No matter how long it takes for the community spouse to spend the funds, and regardless of how they are spent, it will not impact the institutionalized spouse’s Medicaid eligibility. In other words, a community spouse can be rest assured that it will not cause the nursing home resident to lose his / her nursing home Medicaid benefits. This is because the assets of the non-applicant spouse are not considered for the continuing Medicaid eligibility of his / her Medicaid beneficiary spouse. (The community spouse’s assets are only considered when determining initial eligibility).

The community spouse will receive the stimulus check either via direct deposit or in the mail. Exactly the manner in which it will be received will be based on one’s 2018 or 2019 tax return and how a refund was issued. For instance, if one received a refund via the mail, the address on file will be used and the stimulus check will be mailed to that address. For those who are not required to file tax returns, such as recipients of Social Security, the check will be received in the same way in which their monthly Social Security benefit is received. This means that if it is deposited directly in one’s bank account, the stimulus check will also be directly deposited.

Please note that the institutionalized spouse will also receive a stimulus check. However, at this time, it is not known if the check will be issued separately from his / her community spouse’s check. It is our assumption that if 2018 or 2019 tax returns were filed jointly, the couple will receive one check (couples who filed joint tax returns are eligible for double the amount of a single filer), while if tax returns were filed separately, each spouse will receive an individual check. Again, for persons on Social Security, there is no need to file tax returns. In this case, checks will automatically be received in the same manner in which Social Security benefits are received.

How Much Will the Stimulus Check Be?
The amount of the stimulus check, also called an economic impact payment or recovery rebate, may be for as much as $1,200 / person.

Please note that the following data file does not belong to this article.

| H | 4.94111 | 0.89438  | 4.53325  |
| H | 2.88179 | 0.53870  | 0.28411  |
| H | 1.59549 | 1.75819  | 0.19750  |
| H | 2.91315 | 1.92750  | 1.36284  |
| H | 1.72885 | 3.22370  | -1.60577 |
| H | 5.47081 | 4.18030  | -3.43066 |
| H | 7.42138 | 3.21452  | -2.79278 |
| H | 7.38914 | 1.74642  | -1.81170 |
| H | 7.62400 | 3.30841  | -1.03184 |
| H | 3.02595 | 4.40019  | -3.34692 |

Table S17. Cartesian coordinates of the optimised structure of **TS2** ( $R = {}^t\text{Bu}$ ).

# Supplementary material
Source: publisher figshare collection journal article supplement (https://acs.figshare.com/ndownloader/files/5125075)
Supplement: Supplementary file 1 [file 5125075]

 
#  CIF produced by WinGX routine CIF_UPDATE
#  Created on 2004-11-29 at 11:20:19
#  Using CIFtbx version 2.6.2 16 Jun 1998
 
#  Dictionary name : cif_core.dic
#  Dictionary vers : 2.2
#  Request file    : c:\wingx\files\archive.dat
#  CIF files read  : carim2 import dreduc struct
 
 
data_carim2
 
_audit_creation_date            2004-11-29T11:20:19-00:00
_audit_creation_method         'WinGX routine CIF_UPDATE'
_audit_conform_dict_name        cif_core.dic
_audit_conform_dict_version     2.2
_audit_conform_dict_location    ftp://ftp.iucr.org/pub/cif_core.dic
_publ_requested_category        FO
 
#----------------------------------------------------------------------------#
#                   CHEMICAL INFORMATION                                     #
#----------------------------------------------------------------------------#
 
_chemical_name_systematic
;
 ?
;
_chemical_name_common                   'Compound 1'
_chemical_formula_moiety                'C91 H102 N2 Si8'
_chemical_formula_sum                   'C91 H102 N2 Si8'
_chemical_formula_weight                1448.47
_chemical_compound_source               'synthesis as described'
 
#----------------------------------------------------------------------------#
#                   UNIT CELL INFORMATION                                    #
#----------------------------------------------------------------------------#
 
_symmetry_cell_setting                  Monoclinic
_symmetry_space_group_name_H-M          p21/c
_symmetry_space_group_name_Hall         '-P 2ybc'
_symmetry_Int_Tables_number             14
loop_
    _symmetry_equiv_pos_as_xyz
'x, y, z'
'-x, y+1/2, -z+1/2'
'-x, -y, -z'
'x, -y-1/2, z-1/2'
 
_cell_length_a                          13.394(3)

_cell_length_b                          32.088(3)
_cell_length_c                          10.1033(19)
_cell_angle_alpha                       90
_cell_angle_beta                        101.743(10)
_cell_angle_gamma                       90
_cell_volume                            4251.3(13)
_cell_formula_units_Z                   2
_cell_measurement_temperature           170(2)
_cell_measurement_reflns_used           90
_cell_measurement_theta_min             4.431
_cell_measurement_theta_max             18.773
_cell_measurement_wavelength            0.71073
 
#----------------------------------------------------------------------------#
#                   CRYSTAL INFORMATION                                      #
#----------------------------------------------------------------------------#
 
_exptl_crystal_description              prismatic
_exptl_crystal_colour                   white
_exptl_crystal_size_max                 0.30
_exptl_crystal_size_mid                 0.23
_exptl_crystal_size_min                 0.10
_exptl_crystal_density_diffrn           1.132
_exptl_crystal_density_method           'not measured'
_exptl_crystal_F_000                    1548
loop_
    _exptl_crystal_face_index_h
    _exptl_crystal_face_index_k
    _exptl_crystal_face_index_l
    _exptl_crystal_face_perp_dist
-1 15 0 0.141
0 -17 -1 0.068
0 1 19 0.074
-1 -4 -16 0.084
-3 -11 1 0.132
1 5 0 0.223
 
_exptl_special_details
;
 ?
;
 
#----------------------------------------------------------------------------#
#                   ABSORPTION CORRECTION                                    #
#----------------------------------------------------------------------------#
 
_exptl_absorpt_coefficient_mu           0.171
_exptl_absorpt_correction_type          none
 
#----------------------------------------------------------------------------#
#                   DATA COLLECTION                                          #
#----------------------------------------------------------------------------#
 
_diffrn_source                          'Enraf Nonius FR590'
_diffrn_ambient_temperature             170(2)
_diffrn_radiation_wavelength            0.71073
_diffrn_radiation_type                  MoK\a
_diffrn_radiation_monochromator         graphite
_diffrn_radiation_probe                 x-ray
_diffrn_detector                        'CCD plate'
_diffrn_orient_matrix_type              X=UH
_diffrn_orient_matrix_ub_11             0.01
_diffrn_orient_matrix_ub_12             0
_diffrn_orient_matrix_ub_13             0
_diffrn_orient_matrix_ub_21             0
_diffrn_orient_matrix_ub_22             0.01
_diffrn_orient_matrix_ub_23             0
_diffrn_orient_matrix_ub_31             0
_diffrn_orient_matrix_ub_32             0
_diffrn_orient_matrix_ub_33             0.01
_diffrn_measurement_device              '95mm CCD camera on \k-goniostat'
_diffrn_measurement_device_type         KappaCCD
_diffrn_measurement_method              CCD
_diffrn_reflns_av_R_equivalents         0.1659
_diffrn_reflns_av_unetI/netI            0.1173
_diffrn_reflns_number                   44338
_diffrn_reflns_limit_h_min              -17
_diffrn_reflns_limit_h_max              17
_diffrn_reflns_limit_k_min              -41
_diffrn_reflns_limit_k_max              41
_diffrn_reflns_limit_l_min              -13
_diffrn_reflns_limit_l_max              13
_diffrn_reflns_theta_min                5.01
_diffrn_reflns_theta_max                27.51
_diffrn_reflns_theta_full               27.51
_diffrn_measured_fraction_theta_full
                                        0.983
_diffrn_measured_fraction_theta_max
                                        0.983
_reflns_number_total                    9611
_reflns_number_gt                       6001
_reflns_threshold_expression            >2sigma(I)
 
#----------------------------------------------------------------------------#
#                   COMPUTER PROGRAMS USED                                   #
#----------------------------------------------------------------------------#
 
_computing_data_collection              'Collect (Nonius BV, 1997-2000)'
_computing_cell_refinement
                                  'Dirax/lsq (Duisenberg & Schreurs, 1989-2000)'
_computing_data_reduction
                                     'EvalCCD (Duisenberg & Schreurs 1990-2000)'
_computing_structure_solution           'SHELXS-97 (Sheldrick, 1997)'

• Individuals who earn up to $75,000 / year will receive a $1,200 check.
• Married couples, filing jointly who earn up to $150,000 / year, will receive a $2,400 check.
• Individuals who earn up to than $99,000 / year will receive a check, but it will be for less than $1,200.
• Married couples, filing jointly who earn up to $198,000 / year, will receive a check, but it will be for less than $2,400.

Payments will be based on one’s tax returns from 2018 or 2019. Please note that for disabled persons and seniors who receive Social Security payments, it is not necessary for a tax return to be filed. (Persons who receive Social Security benefits generally do not have to file a tax return). Rather, the IRS will automatically send out economic impact payments to these individuals.

Checks will be received either via direct deposit or in the mail.

SOURCE: American Council On Aging 

Estate Planning and the Coronavirus Pandemic

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Estate Planning Amidst the Coronavirus Pandemic

The Coronavirus (COVID-19) Pandemic has impacted every corner of the world at this point. As medical experts, financial advisors, and our colleagues that specialize in healthcare law, employment law, and other related areas are busy advising clients on the best course of action for the weeks and months ahead, we – as estate planners – also want to remind our clients and friends of some important considerations during these uncertain times.

At this point, we would simply promote the following actions to ensure that your estate planning affairs are in order:

(1) Review your existing documents. Make sure that you have copies (either paper or electronic) of your existing estate planning documents, and review them to confirm that they still reflect your wishes. If you cannot locate your documents, consider calling or emailing your estate planning attorney to obtain copies.